Disney’s Strange World to Lose $100 Million: Why It Flopped at Box Office

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Disney’s “Strange World” bombed at the box office over Thanksgiving, leaving the studio to clean up oceans, mountains, and terrains of red ink.

The animated film debuted dramatically behind expectations with $11.9 million in 4,174 North American theaters over the weekend and $18.6 million over the five-day holiday period. Before the projections were revised downwards, the movie was expected to make $30 million to $40 million between Wednesday and Sunday — and even those numbers wouldn’t have been spectacular to begin with.

The inaugural ticket sales for “Strange World” now register as one of Disney’s worst opening weekends in modern times, slightly ahead of the pandemic-era “West Side Story” ($10.5 million) release and significantly behind family films like “Encanto” ( $27.2 million over the traditional weekend and $40 million over the Thanksgiving extended holiday season) and “Lightyear” ($51 million).

“Normally, a Disney family movie is the big draw this time of year,” said Paul Dergarabedian, a senior analyst at Comscore. “It shows that we are still recovering and adapting to the constraints of the pandemic.”

Unless his business recovers dramatically in the coming weeks (and that seems unlikely given the film’s lackluster reviews, lackluster audience reception, and minimal buzz), sources estimate that “Strange World” will lose at least $100 million in its theatrical run . Even with proper attention given to Disney+ and home entertainment platforms, box office pundits suggest getting the big-budget film into the black will be tough. Given that “Strange World” cost $180 million to produce and tens of millions more in global marketing and distribution costs, the film needs to gross about $360 million to break even, sources say.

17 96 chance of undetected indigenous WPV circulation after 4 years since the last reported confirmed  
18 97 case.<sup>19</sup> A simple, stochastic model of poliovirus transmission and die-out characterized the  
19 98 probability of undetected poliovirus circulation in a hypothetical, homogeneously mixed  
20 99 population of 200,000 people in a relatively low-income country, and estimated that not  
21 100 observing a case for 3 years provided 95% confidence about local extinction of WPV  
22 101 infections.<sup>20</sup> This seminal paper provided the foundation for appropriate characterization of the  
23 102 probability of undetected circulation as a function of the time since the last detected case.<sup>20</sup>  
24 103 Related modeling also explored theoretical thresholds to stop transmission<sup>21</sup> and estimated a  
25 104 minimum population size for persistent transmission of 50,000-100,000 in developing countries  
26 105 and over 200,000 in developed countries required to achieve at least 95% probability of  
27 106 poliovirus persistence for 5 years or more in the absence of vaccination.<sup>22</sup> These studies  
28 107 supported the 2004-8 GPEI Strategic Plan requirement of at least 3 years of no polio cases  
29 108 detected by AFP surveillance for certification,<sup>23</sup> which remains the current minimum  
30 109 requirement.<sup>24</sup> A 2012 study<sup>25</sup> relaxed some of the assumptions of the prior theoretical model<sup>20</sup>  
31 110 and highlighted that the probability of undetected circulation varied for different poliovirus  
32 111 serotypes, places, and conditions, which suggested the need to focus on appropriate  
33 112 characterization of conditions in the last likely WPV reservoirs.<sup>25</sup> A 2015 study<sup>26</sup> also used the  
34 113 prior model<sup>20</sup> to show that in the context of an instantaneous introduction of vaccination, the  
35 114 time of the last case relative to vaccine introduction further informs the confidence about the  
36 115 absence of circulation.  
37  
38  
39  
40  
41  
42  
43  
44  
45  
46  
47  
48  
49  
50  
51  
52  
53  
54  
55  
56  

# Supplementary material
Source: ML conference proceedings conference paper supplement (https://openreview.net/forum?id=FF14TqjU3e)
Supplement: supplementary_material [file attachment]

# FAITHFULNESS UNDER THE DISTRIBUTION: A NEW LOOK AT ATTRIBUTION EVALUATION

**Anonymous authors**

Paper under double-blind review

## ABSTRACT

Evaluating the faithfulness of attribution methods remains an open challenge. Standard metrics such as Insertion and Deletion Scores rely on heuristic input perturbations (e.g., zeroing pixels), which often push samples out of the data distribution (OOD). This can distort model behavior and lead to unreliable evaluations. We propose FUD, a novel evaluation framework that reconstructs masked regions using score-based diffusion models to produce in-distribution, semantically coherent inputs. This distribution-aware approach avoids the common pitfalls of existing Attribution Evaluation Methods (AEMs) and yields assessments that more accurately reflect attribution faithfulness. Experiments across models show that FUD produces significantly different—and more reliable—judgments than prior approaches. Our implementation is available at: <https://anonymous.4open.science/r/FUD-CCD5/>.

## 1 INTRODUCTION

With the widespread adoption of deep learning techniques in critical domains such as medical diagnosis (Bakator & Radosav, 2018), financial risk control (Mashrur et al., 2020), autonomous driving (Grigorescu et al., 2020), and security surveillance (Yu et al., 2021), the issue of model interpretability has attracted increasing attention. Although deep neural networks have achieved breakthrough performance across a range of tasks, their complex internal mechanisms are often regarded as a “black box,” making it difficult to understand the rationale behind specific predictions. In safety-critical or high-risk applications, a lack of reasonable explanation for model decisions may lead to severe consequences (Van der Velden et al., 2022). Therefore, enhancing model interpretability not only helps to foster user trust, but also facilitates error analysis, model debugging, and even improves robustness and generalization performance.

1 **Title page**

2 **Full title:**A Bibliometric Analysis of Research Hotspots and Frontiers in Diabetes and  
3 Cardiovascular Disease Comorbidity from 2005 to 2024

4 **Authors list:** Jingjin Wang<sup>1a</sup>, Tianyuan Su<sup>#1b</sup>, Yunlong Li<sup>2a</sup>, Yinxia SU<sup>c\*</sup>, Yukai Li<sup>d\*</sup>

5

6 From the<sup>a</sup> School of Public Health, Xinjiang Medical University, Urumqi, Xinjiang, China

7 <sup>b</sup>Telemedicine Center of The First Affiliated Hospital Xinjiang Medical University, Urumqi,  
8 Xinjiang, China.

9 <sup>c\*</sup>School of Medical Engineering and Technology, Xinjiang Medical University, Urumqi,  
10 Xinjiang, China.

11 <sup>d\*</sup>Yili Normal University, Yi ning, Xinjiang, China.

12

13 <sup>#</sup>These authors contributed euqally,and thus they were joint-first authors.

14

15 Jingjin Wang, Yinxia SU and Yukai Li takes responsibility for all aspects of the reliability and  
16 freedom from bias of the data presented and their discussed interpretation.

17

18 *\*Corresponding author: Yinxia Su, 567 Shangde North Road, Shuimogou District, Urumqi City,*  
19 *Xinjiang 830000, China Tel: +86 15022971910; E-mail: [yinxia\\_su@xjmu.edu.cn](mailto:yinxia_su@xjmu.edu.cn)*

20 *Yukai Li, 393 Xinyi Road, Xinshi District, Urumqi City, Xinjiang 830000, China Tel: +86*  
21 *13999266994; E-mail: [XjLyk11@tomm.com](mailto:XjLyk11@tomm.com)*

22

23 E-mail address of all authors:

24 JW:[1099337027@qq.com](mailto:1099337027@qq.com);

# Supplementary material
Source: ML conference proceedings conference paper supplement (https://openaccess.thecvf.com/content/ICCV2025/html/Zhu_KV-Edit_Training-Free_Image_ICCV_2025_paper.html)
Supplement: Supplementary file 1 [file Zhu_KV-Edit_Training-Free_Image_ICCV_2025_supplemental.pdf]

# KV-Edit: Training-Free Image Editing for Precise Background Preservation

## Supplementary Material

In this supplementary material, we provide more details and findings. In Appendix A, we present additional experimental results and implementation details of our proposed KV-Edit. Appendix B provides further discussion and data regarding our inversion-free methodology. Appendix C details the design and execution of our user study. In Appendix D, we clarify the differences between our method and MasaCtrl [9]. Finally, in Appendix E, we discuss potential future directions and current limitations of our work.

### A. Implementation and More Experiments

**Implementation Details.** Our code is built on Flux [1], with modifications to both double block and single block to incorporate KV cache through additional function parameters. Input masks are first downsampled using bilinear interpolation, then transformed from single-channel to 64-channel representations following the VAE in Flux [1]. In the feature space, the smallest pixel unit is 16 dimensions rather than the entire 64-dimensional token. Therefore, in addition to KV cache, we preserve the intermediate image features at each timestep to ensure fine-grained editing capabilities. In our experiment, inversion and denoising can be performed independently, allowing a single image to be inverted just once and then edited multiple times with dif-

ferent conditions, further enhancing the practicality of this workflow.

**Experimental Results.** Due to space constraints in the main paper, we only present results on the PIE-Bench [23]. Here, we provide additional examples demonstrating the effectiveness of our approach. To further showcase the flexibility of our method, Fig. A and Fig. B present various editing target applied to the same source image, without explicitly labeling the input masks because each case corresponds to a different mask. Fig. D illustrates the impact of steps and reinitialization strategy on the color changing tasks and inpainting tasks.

And remember: those levels were unattainable for “Lightyear” (which ended its theatrical run with $226 million worldwide) and “Encanto” (which ended its theatrical run with $256 million worldwide), despite those movies having bigger opening weekends. Rival studios believe “Strange World” will be lucky enough to hit $45 million by the end of its domestic run. By comparison, “Encanto” made $96 million in North America, while “Lightyear” made $118 million in the United States.

“This is a weak opening by Disney animation standards,” said David A. Gross, who heads the film consulting firm Franchise Entertainment Research. “At a cost of $180 million, plus marketing costs, the movie will end up in the red, even with good side income.”

Overseas earnings may not offer much of a lifeline. “Strange World” similarly rejected at the international box office with $9.2 million from 43 markets. Like most Hollywood movies, due to geopolitical tensions, it won’t be set in China or Russia, two major international markets. In addition, Disney chose not to introduce “Strange World” to several smaller markets, including all of the Middle East, Malaysia and Indonesia, because the film features a gay character. Films with LGBTQ references have regularly been the target of censorship in those areas, and Disney was unwilling to remove parts of the film to meet their guidelines.